AD: The art scene that has come about during the current revolution is one of the most positive and enlightening things we’ve ever seen. There is so much undiscovered talent that has really blown up artistically and musically. The positive vibes expressed by protestors was just contagious. It is addictive and it is not leaving. That’s why many never went back home after April 6 when it all started. Everyone was taking pictures of or with the artwork, conversing with the artists, and sometimes even wanting to try painting on their own walls. It’s kind of like how some cities become tourist attractions because of their art scene. That’s what the sit-in became. The Sudanese revolution exploded because of the amount of artwork poured into the sit-in and on the internet.
ML: Are there particular works of art you have seen throughout the protests that have really spoken to you? What was it about them that was so meaningful?
AD: I was introduced to the old Sudanese flag that was first introduced in 1970 by a military junta. It has the current pan-Arab colors of red, white, black and green. I only came to know about it because it was depicted everywhere: profile pictures, texts, illustrations, photographs. I am drawn to it rather than the current Sudanese flag (red, black, green & white). I am almost always amused to see the various ways the old flag is encrypted in all the artwork. It always stands out.
The pieces of art that portray violence and rape spoke the loudest to me. As an artist, I honestly have difficulties visualizing these critical and threatening issues. So when I see them portrayed perfectly in an illustration or painting, I can’t help but get emotional. It is sad to know a martyr was shot dead, but it’s worse when they have been raped and beaten to death. Most of us don’t know how a martyr died, so when it is depicted in an image it makes you feel something.
ML: Are there artists on the ground in the protests you're following?
AD: I know personally many of the artists on the ground and online. The works of Jaili Hajo, Mustafa El Nasry, Wael Sanosis are mostly digital. I really was drawn to Mughiras’ work at the sit-in because his art represented the diversity of Sudan and those who have been taking part in the protests. Galal Yousif’s work was also exceptional in size and quantity; you’ll find his work almost all around the sit-in at the Military headquarters. There were thousands of painted walls there and everyday I’d go through some of them, knowing that one day they wouldn’t be there anymore. I made sure I keep a mental memory of each piece.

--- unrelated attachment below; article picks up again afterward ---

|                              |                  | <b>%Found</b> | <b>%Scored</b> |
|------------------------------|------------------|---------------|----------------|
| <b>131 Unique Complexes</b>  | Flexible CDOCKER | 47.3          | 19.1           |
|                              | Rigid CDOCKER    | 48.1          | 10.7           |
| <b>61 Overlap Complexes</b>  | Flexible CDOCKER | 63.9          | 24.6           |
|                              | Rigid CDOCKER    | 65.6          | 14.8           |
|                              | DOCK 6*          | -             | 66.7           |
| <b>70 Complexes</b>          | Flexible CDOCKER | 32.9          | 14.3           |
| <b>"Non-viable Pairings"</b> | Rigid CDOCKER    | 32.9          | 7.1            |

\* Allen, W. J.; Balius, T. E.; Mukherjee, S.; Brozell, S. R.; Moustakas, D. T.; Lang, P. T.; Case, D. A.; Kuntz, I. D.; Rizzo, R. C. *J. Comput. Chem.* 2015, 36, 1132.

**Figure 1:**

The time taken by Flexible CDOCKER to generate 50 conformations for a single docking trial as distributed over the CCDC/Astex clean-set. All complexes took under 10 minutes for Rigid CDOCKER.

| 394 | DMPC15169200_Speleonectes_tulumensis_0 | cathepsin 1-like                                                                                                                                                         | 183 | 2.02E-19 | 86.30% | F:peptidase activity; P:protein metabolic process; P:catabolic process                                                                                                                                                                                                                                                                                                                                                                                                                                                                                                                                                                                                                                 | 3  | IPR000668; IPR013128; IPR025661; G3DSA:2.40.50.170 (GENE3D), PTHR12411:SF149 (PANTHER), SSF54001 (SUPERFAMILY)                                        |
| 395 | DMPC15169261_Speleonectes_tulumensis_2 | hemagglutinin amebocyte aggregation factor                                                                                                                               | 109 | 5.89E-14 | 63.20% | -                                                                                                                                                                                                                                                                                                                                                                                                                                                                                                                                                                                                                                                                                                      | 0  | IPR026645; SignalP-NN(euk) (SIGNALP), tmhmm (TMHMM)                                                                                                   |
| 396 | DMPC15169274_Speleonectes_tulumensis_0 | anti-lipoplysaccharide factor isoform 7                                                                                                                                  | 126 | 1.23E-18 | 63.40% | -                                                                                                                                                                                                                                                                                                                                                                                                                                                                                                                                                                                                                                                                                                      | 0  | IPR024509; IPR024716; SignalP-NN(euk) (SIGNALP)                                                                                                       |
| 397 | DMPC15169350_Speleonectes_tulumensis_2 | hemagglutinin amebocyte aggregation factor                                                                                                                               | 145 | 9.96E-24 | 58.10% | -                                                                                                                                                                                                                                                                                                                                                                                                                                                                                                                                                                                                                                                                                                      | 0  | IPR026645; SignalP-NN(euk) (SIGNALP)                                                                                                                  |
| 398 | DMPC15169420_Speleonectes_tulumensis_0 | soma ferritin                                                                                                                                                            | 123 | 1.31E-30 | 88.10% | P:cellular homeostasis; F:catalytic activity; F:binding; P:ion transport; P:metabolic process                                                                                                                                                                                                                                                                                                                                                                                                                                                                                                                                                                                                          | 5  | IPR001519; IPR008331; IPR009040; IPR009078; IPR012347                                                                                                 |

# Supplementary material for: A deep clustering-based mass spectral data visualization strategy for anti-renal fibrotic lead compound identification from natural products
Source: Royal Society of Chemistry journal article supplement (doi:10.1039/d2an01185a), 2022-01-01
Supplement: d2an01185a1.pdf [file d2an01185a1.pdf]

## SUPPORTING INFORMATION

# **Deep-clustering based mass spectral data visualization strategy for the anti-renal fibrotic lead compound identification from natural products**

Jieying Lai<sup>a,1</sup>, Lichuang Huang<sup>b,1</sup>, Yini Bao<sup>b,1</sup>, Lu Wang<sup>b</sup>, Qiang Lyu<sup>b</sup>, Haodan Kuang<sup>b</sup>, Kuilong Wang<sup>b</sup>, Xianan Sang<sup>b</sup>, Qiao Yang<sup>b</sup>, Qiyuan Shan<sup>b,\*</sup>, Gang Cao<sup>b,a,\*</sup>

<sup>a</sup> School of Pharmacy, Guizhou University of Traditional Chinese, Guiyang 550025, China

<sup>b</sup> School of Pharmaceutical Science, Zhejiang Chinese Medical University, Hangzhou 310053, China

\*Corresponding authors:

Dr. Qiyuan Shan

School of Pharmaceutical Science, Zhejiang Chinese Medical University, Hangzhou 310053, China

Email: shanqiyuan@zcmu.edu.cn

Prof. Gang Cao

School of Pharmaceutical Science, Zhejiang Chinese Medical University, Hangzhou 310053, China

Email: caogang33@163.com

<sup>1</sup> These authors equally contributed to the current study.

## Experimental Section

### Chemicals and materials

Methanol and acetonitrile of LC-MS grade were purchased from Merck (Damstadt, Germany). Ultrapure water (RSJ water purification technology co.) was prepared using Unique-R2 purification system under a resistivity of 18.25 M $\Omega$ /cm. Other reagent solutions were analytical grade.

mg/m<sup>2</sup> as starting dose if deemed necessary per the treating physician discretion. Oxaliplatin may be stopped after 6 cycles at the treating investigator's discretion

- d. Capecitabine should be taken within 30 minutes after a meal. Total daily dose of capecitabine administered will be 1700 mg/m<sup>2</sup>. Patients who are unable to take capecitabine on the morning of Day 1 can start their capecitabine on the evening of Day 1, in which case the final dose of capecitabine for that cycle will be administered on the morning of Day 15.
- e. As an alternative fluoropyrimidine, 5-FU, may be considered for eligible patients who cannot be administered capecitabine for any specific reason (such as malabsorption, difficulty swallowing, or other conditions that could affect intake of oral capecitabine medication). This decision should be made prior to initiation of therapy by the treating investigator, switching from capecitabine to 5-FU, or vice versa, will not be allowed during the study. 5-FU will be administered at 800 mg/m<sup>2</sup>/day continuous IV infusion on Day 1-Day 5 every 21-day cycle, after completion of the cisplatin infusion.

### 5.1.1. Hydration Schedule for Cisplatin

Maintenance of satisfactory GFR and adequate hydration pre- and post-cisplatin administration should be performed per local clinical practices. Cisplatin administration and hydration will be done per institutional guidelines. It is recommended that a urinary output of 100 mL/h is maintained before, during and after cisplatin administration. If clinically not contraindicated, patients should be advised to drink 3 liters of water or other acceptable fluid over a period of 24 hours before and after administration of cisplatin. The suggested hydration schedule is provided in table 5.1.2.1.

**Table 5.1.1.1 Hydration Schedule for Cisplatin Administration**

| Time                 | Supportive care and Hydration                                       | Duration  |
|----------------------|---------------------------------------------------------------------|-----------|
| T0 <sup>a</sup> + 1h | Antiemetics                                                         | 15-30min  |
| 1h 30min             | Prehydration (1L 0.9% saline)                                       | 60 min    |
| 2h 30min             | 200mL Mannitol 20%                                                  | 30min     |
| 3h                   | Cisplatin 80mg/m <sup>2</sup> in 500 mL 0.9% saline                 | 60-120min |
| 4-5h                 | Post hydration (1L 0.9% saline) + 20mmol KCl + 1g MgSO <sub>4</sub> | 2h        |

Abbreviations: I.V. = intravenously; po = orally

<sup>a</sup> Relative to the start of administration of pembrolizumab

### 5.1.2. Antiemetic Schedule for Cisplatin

ML: Do you think the revolution has given a new meaning to what it means to be an artist in Sudan?
AD: This revolution specifically, introduced many creative people to each other. Many of us learned and were inspired by each other. The revolutionary music stimulated my mind, poetry progressed my mental and visual vocabulary, the avant-garde fashion provoked my senses, and the artwork enthused me.
As artists, we had the most powerful weapon. We chose to protest peacefully by using art as our strength against the violence used by the government. Our creative expression was also our way to communicate with the world, to bring attention to what is going on in Sudan. Most of the protestors only speak Sudanese Arabic but art was the international language.
All art provided by Assil Diab.